Illustration: Kate Hazell

Parenting in a pandemic—what home-schooling has taught me

I fell for the fantasy that, freed from our scurrying schedule, spare time would pool around us. It hasn't.
May 5, 2020

The evening before my daughter’s nursery closed its doors until further notice, I stayed up late tossing so-called Stem toys into a virtual cart. I wasn’t alone: if stock levels on the John Lewis website were anything to go by, middle-class parents up and down the land had been busy doing in private what the Costco-stripping hoi polloi were decried for doing in public. It wasn’t just maths and science activities, either: one friend with a toddler was bulk-buying craft supplies, another had ordered a playground set larger than most back gardens, her own included.

Despite two full years having passed since I last had to occupy my daughter all day every day, I was feeling relatively sanguine when the prospect of school closures first reared its head. I may be the lone adult in our household, but my daughter has only ever known me to work from home so we’ve had practice, she and I, and at four, she’s far more willing and able to play by herself than she was just six months ago.

For one golden afternoon, I fell for the fantasy that, freed from our scurrying schedule, spare time would pool around us. Finally, I would be able to complete those stalled interior design projects, I would rid our home of its perma-piles of books and teddy bears and ironing, and against that immaculate backdrop, my child and I would embark on fabulous learning journeys together.

The raising of children has never before come with as much instruction. Giving birth requires a reading list, with another to see you through the recovery period. Weaning demands cookbooks and blogs and endless apparatus, not to mention a first aid course. I’d always resisted the urge to read up—until now. Several shambolic days into our new normal—days that felt like some bizarre kind of interval training for a dual-headed, many-armed she-god, with 10-minute bursts of parental indulgence followed by frenzied 20-minute attempts at rational thought and coherent sentences, a deadline breathing down my neck and a tenacious child trying to scale my hunched shoulders—I turned to the self-declared experts.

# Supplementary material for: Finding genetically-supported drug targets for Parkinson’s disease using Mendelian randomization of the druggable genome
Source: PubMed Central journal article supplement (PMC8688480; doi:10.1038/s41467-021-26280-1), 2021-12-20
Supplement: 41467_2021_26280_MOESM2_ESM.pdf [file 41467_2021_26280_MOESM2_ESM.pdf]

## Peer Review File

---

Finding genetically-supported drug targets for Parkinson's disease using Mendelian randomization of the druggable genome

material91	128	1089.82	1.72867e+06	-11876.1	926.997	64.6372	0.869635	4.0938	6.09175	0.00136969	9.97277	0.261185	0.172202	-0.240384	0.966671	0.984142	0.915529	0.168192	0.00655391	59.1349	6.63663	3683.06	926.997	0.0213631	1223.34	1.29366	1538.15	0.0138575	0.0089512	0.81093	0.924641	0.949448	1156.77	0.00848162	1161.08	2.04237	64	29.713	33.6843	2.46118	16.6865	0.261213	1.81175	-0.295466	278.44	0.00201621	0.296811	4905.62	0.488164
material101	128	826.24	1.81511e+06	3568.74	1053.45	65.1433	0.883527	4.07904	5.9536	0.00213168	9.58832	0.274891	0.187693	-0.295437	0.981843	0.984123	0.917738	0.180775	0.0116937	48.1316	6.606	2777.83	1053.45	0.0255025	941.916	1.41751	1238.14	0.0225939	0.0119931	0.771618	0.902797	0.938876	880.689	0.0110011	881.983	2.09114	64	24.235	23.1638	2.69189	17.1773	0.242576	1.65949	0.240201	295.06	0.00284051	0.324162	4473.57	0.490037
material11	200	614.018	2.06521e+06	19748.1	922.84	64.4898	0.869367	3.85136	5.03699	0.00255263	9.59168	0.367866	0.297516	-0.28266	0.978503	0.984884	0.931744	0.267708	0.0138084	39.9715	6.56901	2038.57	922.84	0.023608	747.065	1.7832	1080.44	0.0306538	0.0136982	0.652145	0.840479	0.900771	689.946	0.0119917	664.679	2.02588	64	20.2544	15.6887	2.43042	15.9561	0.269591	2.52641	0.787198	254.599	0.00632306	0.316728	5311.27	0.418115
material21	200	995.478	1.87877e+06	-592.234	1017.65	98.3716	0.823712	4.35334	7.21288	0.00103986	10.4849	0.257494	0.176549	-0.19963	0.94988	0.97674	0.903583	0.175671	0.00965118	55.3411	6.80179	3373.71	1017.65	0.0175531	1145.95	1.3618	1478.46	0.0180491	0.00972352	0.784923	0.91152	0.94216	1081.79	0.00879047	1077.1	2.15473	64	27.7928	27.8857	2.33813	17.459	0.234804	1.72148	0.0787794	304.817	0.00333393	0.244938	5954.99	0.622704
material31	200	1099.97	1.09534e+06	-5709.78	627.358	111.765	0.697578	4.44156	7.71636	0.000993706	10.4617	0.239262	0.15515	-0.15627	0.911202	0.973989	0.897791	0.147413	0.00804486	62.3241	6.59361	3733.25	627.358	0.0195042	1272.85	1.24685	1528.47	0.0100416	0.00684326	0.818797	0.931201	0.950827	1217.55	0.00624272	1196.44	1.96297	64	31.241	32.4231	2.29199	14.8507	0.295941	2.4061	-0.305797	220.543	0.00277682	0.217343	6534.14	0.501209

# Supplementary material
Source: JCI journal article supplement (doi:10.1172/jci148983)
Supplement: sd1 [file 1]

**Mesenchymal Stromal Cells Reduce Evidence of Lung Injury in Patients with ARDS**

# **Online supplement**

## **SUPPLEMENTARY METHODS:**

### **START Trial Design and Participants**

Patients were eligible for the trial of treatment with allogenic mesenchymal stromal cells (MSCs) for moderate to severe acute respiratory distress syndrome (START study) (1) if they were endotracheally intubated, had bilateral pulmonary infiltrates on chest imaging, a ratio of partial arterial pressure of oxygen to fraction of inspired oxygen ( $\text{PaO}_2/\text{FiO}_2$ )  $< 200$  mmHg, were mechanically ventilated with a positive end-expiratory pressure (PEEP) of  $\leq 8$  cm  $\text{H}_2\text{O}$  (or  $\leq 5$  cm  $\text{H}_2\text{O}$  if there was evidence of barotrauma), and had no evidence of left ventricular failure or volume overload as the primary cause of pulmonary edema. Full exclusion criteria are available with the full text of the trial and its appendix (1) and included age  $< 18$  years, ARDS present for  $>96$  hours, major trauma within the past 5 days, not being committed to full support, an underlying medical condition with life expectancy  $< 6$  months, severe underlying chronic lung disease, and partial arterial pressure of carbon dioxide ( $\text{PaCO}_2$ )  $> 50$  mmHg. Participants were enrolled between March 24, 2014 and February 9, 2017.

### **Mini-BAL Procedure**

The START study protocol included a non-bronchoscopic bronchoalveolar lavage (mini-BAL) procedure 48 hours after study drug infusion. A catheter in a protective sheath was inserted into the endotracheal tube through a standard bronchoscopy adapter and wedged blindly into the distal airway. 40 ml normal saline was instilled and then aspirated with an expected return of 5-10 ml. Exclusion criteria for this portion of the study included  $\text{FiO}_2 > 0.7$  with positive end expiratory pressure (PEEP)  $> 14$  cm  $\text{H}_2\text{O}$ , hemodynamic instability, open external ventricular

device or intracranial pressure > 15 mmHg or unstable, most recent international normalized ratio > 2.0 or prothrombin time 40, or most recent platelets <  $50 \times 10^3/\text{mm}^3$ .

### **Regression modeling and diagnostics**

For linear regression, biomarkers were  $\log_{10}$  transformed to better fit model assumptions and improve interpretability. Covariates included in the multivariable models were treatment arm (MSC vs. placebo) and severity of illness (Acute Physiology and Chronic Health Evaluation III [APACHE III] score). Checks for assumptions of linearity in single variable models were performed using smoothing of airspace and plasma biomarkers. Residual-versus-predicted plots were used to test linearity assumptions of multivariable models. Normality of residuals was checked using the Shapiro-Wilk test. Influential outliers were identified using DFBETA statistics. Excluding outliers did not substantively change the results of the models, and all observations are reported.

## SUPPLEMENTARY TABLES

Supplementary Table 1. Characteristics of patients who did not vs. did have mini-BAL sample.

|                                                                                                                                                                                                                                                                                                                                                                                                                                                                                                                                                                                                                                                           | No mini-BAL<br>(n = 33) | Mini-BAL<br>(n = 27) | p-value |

There was advice to suit every parenting style going. Establish a routine, some urged. Be flexible, others countered. Remember that kids need stimulation and don’t forget that boredom is healthy. Prioritise, be realistic, claim your own time, set small goals… Did I do any of the above? As you may have discovered yourself, there hasn’t been time. Far more practical has been my daughter’s way of navigating the day: taking it an activity at a time, existing almost entirely in the present.

Nevertheless, a routine of sorts has evolved, helped hugely by the teachers from nursery and Hebrew school and our Suzuki group, all of whom have Zoomed into our living room, bringing with them glimpses of how everyone else is managing—or not. There’s a performative element to contemporary parenting (and that verbification in itself feels revealing) that blessedly seems to have been cast aside in the crisis. In the first day or so of national home schooling, my social media feed filled with posts featuring erstwhile colleagues and work friends teaching their eight-year-olds ancient Greek, or taking walks while parsing the etymology of wild flower names. Then it went quiet. As quiet as the nights during which I’ve realised that I need to fit in a large part of my work for the time being.

That silence is the opposite of all the clamorous advice and competition and posy preciousness that’s sprung up around the nurturing of children in the past -decade or so. When you come up against the most essential needs of your own child—food and love, stories and fresh air—you realise that the rest of it is sheer self-indulgence on the part of us parents.

As for those panic-buys of mine, the most used element so far is the pair of safety goggles from the starter science lab. The rest of the kit can’t of course be used without adult supervision—“parent not included,” the box ought to read. Far more practical has been my mum’s contribution: her old iPad, that my daughter now uses to summon her up on-demand for virtual babysitting. She often dons the goggles, which seems prudent. After all, to the extent that none of us really knows what we’re doing when it comes to juggling the two most vital aspects of our lives, family and work—especially in confinement—this is all an experiment.